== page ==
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October 5, 2022

World Mental Health Day- Starting the Conversation and Self Care for Families

World Mental Health day gives us the opportunity to start to instill good self care habits in ourselves and in the people we care about!

Starting the Conversation- What is Mental Health?

World Mental Health Day is on October 10th. Acknowledging the day aims to raise awareness for mental health issues and self care. As parents, you can start the conversation and build a foundation of safety with your children as they build ways to navigate their emotions.

One of the biggest questions for parents with young kids… is how to make the invisible parts of our day (like feelings) understandable and clear . The National Alliance on Mental Illness has an activity book (available in both English and Spanish) called “Little Monster”. Coloring Little Monster and  talking about how he’s feeling, are great ways to make mental health a tangible topic for your little one. 

Caring for Yourself, Your  Mind and Your Family

Checking in with yourself and your family can help everyone. This could be as simple as asking “How are you?” and making sure to listen to the answer. Below, we’ve included other ways to care for yourself and those around you. 

  • Get active and get outside (yes, even in the cold!)
  • Heading out for an activity allows you to move your body to release stress (and endorphins), a way to interact with others, and can hit “reset” for your brain to settle and refocus.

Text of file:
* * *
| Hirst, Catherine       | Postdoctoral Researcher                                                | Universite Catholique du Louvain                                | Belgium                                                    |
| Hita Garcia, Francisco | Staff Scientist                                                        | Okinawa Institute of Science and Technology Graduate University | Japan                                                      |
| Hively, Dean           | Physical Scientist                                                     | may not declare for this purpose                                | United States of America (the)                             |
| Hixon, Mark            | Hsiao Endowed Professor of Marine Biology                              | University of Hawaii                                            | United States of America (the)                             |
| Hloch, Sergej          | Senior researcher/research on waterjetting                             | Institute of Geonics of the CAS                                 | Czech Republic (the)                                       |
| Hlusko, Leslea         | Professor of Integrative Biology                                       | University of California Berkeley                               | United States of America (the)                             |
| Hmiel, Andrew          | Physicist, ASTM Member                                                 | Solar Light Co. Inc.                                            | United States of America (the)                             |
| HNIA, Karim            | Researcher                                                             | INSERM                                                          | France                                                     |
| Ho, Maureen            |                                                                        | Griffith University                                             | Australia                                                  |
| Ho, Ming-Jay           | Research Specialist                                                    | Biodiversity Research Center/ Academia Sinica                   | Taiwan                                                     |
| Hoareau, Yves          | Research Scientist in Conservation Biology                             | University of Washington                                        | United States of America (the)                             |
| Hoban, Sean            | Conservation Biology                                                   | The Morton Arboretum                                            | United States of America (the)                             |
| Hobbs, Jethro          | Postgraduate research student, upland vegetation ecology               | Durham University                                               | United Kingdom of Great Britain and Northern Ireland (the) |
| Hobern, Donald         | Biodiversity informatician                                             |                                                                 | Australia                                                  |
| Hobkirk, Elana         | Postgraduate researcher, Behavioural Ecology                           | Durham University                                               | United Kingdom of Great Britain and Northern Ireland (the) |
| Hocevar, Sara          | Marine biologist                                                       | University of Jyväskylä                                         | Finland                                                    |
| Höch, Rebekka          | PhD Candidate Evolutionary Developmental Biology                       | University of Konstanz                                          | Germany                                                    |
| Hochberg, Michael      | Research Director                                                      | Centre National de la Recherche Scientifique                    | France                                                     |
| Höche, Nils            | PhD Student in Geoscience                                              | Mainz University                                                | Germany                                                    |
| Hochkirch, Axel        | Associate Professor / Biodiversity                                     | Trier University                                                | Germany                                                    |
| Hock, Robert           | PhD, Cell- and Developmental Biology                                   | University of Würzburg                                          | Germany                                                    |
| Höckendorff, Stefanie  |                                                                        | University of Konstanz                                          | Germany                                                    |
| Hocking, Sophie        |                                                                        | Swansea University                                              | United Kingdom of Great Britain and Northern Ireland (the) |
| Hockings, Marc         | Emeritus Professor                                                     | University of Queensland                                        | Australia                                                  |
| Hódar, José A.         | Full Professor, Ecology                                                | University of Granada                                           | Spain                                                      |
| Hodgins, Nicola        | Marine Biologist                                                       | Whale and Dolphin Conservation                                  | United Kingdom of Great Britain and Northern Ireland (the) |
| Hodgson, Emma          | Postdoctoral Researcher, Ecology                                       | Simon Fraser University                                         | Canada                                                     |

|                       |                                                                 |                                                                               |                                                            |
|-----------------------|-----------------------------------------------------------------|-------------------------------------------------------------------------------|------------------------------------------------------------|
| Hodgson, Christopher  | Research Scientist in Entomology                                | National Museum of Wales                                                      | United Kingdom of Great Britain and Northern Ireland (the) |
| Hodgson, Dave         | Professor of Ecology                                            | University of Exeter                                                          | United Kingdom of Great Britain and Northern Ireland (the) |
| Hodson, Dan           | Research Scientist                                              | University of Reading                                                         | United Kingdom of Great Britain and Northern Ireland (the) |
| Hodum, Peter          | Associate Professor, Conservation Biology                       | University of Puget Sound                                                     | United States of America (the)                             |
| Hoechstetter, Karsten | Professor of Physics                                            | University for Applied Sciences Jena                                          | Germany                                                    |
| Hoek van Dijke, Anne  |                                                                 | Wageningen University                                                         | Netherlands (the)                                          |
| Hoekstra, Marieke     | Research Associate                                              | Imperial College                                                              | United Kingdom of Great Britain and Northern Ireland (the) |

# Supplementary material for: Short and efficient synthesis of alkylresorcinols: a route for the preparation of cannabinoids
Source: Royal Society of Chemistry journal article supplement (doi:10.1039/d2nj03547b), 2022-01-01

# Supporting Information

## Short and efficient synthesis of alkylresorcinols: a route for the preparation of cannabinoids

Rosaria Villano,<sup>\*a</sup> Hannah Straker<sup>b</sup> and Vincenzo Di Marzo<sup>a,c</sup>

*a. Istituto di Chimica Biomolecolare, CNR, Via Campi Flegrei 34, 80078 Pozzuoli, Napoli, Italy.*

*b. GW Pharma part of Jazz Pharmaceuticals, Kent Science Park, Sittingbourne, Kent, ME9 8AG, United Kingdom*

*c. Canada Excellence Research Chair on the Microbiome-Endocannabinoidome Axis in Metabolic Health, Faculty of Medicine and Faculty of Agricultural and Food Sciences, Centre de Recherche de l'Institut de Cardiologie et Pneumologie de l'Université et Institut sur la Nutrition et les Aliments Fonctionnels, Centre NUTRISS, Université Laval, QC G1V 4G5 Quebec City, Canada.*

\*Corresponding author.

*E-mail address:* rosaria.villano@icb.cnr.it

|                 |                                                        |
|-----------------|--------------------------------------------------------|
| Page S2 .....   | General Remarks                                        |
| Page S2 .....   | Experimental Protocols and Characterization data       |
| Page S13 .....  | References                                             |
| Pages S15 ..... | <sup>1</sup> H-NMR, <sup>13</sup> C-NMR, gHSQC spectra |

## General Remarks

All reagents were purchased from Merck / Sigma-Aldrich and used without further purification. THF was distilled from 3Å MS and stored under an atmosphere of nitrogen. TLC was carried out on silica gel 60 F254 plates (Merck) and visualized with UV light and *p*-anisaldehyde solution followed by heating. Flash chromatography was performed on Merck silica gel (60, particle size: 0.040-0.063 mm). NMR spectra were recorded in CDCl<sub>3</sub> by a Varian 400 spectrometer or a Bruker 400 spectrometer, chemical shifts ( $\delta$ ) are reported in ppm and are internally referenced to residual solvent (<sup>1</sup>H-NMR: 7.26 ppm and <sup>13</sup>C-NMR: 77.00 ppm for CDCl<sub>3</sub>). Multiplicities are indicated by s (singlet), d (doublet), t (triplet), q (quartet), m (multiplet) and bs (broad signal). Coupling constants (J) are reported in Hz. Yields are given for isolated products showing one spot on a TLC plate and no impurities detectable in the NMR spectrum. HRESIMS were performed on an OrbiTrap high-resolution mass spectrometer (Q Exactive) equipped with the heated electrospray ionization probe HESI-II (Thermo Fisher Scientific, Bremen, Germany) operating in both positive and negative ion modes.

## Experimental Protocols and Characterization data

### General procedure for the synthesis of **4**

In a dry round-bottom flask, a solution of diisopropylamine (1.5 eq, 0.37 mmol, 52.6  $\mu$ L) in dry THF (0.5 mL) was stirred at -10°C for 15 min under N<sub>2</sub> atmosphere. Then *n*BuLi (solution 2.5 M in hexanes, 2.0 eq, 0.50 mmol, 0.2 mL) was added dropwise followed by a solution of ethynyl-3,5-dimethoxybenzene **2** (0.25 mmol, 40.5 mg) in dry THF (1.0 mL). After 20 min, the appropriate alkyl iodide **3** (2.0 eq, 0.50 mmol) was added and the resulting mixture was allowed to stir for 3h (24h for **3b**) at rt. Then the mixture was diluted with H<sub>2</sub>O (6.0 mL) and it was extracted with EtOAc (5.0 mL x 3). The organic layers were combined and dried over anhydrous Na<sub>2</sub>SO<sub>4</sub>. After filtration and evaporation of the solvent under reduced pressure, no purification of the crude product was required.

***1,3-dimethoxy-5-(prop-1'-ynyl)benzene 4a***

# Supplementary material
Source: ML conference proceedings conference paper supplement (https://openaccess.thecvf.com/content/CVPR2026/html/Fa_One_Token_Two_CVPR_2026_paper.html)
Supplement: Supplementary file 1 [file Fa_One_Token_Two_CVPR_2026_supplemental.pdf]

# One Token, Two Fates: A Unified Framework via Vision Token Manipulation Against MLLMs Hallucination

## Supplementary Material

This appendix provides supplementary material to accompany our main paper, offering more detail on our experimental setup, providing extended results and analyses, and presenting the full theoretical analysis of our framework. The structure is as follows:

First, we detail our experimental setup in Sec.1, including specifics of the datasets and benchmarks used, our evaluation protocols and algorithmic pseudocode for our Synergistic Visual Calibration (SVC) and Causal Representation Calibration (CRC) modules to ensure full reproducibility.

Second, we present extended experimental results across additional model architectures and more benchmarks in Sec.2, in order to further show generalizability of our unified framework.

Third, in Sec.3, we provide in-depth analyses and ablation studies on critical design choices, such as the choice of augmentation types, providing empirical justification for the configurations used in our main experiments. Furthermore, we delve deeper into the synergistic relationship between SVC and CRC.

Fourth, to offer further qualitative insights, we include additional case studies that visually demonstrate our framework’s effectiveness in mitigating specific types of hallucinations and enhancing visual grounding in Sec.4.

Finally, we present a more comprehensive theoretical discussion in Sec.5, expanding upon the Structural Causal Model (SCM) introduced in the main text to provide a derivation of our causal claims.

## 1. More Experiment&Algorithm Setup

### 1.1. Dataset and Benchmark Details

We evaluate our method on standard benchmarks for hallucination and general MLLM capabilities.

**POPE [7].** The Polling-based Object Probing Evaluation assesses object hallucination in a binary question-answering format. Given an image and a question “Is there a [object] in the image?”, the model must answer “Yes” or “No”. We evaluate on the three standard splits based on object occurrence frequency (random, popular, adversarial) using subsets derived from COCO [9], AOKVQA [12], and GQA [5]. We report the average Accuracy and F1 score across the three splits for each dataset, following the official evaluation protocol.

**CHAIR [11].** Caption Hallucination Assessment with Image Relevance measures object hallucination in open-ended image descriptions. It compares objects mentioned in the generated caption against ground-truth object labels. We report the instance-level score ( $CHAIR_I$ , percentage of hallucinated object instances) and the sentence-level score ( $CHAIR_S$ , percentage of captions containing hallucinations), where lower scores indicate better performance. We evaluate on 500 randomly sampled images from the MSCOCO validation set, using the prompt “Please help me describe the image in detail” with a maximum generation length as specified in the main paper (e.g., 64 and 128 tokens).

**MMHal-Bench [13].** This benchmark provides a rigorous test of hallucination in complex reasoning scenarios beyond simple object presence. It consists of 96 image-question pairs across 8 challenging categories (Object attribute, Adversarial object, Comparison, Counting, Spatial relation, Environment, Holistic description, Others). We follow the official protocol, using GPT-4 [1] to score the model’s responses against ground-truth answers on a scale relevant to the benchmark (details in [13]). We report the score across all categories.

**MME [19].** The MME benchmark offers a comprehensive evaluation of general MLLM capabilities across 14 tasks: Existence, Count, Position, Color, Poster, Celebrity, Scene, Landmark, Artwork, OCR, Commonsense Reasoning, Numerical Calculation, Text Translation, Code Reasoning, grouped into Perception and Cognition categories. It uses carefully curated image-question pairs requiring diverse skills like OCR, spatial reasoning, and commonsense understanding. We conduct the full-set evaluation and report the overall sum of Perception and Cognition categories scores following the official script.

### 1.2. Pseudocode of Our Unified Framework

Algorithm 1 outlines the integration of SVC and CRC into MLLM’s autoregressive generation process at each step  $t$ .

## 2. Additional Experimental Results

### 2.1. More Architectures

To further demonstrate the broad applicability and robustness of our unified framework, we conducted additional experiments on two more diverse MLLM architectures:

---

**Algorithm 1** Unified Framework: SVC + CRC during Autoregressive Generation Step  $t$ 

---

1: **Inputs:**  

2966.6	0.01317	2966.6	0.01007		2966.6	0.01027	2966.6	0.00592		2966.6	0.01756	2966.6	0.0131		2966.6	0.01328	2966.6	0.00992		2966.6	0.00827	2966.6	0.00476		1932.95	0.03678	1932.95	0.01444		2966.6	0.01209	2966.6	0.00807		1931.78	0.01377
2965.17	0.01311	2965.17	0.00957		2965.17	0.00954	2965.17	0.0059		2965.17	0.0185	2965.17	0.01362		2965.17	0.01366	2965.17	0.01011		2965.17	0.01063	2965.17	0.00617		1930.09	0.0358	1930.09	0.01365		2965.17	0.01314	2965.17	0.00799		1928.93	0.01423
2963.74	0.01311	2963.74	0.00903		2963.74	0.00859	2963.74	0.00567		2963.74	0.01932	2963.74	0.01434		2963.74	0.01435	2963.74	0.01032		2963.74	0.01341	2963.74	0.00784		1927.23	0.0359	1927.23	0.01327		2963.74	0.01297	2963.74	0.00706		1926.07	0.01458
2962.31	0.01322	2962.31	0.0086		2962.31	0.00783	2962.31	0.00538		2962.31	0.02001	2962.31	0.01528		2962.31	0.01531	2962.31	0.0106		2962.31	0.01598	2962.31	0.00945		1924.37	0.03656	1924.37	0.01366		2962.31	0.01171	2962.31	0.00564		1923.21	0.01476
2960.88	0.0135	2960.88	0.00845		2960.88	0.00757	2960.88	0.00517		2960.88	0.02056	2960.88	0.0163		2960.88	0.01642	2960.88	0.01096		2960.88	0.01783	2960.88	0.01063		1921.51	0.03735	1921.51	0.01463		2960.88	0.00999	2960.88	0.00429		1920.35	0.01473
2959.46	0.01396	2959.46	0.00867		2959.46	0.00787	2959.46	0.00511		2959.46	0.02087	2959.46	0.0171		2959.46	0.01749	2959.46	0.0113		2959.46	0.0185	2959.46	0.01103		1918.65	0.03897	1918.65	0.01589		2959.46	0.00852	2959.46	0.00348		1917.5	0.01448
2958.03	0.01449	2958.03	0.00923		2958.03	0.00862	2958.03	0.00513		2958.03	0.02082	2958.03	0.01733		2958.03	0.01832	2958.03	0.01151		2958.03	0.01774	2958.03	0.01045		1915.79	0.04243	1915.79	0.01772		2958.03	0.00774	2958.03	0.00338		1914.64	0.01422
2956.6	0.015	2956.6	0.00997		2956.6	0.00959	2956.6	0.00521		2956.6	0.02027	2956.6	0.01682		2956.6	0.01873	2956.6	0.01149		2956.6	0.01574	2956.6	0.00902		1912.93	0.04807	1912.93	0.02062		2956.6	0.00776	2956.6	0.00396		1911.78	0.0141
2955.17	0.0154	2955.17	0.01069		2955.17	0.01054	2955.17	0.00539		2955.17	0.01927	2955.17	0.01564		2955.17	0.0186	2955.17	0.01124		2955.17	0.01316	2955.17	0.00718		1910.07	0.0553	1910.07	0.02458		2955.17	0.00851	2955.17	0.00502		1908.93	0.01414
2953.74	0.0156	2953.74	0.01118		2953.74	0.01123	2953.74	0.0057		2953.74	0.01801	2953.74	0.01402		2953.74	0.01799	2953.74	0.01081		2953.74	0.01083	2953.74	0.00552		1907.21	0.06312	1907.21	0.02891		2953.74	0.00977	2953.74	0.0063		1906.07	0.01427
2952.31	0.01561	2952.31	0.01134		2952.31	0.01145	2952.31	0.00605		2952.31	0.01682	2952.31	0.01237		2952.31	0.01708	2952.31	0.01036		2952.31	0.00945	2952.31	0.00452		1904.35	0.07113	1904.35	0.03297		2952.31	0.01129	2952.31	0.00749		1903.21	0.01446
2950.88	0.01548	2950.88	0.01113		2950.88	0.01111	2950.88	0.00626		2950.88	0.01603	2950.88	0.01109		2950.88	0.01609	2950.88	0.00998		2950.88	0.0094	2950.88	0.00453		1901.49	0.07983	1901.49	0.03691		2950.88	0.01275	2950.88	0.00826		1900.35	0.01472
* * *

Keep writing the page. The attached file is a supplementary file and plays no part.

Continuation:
• In contrast to being active, make sure to demonstrate rest as a family. This could be quiet reading time, watching tv or a movie, painting, coloring or other forms of art, or just taking a nap when your little ones are doing the same!
  • Listen to your little ones
  • Because their vocabularies are growing daily, it’s not always easy to understand what your little ones are trying to express. The important thing is that you’re listening to them, and taking them seriously when they express their emotions or confide feelings in you. Getting down to their level, making eye contact, or offering space/ touch are all ways a parent can reinforce being present.
  • Model it’s okay to feel “negative” emotions.
  • Feeling upset can feel like an every other moment some days, and often over (what seems to us) the smallest of things. The next time your child is having a tantrum, or in tears- share it’s okay to feel bad, while acknowledging how we act our  our feelings matters. For example “ I understand you’re sad we need to leave, but hitting me is not safe. Can you help me open the door instead?” 
  • Center yourself first
  • Airplane safety reminds us in case of emergency to place our own oxygen masks on before helping our neighbor… and the same is true with our emotions and family. When we have strong escalating feelings… it’s nearly impossible to help a child de-escalate their own. Model what it looks like to take a “time out” as an adult to calm down, and return to the conversation. Taking deep breaths, setting a timer to be alone, or simply saying out loud what you are feeling- can all redirect our mental health.
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